What is normal?
The only thing “normal” is that dental issues in cleft kids are absolutely normal and should be expected. In fact 90% of cleft kids will have some form of dental anomaly. Most dental problems do occur in the maxilla and are related to the location and severity of the cleft and how it alters the developing tooth which may determine some of the possible problems or changes that might take place. Surprises do take place and so we roll with it. The following are some of the anomalies that may occur:
- Multiple missing teeth (hypodontia, agenesis) — when a tooth is forming imagine a seed that there is no place for it to be planted, the cleft site has the highest likelihood of missing teeth but they can be manifest in other areas as well.
- Ectopic location — It is very common for teeth to be misaligned, rotated, or coming into a different location than what is expected.
- Impaction — the growth potential of some teeth or the route in which they grow may lead to teeth not erupting into the mouth but growing deeper into the arch
- Supernumerary or extra teeth — at times early in the forming tooth additional tooth buds form and grow into extra teeth, like twins, or triplets. Like weeds in the garden they may interfere with the growth of other teeth
- Microdontia (mini-teeth) — because of influences during formation a tooth may be much smaller than normal or shaped different, some of these teeth are functional but others are not
- Delayed Development — normal eruption times and sequences may be considerably different from the averages
- Transposition of Canines and Premolars — in all that change near a cleft sites the canine can be pushed back and the premolar moved forward so they come into different spots than normal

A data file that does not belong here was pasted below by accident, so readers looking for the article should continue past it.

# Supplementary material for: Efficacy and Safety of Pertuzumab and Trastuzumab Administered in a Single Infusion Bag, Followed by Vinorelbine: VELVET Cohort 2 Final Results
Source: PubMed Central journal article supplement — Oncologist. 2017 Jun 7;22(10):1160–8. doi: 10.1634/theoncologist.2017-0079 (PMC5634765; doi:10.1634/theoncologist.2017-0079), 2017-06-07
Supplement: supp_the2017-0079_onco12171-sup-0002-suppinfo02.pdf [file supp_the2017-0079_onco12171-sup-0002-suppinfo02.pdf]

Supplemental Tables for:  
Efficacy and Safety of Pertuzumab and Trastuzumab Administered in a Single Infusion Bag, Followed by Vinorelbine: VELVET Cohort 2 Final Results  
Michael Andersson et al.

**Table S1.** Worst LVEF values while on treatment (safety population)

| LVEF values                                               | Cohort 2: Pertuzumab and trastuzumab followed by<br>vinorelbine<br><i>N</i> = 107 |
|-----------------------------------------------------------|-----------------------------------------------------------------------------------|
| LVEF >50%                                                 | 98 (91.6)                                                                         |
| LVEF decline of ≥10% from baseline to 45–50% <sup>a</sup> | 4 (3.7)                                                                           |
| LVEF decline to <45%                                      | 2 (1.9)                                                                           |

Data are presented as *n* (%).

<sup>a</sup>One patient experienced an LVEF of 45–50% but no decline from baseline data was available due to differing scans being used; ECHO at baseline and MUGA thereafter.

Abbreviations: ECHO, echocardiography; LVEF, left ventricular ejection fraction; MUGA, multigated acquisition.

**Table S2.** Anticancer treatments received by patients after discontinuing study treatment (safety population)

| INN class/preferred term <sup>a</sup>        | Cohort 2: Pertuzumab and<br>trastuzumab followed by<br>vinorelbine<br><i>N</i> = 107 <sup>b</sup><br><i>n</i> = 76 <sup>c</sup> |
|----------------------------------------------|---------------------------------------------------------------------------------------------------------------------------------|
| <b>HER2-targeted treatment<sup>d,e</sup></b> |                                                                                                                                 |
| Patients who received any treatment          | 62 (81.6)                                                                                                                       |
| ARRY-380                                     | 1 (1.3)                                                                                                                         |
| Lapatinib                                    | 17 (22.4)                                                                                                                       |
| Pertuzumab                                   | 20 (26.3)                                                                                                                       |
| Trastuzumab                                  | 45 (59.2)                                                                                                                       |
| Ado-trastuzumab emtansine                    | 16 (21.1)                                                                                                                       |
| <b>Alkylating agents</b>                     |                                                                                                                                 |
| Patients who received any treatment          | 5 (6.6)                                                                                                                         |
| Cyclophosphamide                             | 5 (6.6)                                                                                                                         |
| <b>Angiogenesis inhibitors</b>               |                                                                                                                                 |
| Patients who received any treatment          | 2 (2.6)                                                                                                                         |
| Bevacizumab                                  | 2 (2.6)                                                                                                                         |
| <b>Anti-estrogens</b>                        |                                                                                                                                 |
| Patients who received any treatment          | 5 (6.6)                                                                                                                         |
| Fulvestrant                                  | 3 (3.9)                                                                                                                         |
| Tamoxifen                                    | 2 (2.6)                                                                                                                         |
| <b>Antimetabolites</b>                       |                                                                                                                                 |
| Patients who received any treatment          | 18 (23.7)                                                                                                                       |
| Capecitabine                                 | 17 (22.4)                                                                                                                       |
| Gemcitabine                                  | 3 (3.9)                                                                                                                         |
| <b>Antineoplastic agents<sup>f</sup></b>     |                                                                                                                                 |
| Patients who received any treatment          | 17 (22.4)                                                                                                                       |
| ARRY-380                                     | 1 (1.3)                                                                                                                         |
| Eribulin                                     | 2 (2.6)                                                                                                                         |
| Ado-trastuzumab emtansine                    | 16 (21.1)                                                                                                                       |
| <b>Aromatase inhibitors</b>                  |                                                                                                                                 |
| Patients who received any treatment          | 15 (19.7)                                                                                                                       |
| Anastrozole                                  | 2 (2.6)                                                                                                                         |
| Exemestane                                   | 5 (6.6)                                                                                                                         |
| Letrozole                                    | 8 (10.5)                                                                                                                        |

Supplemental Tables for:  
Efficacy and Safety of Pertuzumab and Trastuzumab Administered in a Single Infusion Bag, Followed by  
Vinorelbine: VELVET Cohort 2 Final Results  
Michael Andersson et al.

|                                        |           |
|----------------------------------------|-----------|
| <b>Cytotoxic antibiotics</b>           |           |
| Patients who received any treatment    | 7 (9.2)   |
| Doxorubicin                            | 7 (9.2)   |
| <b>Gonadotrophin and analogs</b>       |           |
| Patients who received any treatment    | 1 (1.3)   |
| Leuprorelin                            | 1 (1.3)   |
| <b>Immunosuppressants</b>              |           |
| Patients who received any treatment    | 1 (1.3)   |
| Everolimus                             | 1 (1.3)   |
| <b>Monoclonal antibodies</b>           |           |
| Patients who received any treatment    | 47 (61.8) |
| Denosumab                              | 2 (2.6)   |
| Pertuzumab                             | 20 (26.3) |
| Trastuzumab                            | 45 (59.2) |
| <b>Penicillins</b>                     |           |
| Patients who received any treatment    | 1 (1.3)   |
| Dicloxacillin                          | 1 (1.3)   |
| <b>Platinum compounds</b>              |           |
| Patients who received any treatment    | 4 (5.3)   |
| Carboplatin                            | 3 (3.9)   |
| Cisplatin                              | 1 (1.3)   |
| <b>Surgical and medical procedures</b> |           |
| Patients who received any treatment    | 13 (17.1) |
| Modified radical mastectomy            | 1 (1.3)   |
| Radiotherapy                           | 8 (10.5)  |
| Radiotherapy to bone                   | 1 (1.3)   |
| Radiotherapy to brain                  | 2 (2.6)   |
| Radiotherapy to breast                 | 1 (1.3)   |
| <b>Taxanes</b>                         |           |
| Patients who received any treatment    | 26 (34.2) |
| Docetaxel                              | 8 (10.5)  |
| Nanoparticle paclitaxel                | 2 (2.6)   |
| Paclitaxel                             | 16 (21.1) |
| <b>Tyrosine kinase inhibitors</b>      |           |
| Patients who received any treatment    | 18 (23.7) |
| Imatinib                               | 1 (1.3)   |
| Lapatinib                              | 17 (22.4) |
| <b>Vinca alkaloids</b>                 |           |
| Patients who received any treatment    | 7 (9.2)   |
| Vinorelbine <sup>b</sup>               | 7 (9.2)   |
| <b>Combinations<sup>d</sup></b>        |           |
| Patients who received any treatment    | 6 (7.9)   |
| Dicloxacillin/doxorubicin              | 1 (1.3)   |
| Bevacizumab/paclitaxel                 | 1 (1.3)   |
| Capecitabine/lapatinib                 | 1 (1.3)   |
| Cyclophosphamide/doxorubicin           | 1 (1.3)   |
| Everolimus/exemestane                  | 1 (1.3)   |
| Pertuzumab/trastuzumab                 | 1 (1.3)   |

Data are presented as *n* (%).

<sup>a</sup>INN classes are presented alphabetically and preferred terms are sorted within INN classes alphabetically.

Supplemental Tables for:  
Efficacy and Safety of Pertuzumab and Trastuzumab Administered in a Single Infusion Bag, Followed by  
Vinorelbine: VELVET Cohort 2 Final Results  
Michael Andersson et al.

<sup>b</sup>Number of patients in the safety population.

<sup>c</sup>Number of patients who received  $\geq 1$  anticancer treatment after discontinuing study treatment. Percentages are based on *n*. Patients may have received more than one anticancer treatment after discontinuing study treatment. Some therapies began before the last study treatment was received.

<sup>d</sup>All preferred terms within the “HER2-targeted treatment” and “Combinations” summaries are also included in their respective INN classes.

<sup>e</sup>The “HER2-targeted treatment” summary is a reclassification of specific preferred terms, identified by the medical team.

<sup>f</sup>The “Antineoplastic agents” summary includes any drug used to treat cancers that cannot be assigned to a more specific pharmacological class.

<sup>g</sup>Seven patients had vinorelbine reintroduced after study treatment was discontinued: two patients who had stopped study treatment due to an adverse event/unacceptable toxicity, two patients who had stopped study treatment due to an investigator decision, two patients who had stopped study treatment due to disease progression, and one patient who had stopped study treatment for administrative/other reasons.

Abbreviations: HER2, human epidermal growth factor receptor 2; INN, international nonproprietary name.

- Multiple Decayed Teeth — malpositioned teeth make oral hygiene harder, also during development the mineral content may be diminished or altered which may make the enamel crystal more porous and chalky and lacking the strength to withstand the usual abuses common to the mouth causing decay and fractures
- Crown and Root Malformations — funny shapes to the crown and crazy angles and lengths of roots can be part of the wonkiness.
What happens if a hearing loss is diagnosed?
If hearing loss is diagnosed, a second hearing test is typically performed to confirm the results. The most common hearing loss in individuals with cleft lip and/or palates is temporary loss related to middle ear problems. In this case, the patient is referred to an ENT for medical management. Often times tubes are inserted into the ear drums to help drain the excess fluid. Your ENT will discuss your options with you.
While less common, if permanent hearing loss is found, hearing device options will be recommended based on your family’s communication goals for your child. These options may include devices such as hearing aids, temporal bone devices or cochlear implants. Recommendations vary greatly depending on the type and severity of the hearing loss. With a new hearing loss diagnosis, several referrals are made (ENT, early intervention, etc.) to help you manage your child’s hearing loss and outcomes. Talk to your audiologist about specific recommendations for your child. We are here to help you!
How can I ensure my child is hearing well as they grow?
Any type or severity of hearing loss can have an impact on a child’s speech and language development. Since many children with cleft lip and/or palate experience temporary or fluctuating hearing loss, monitoring your child’s hearing regularly is critical. Most children will see audiology and ENT regularly as part of his/her cleft team. If new concerns regarding hearing sensitivity or ear health arise, a timely visit with ENT and/or audiology is recommended.
written by Dr. Cordingley & Dr. Bown, Pediatric Audiologist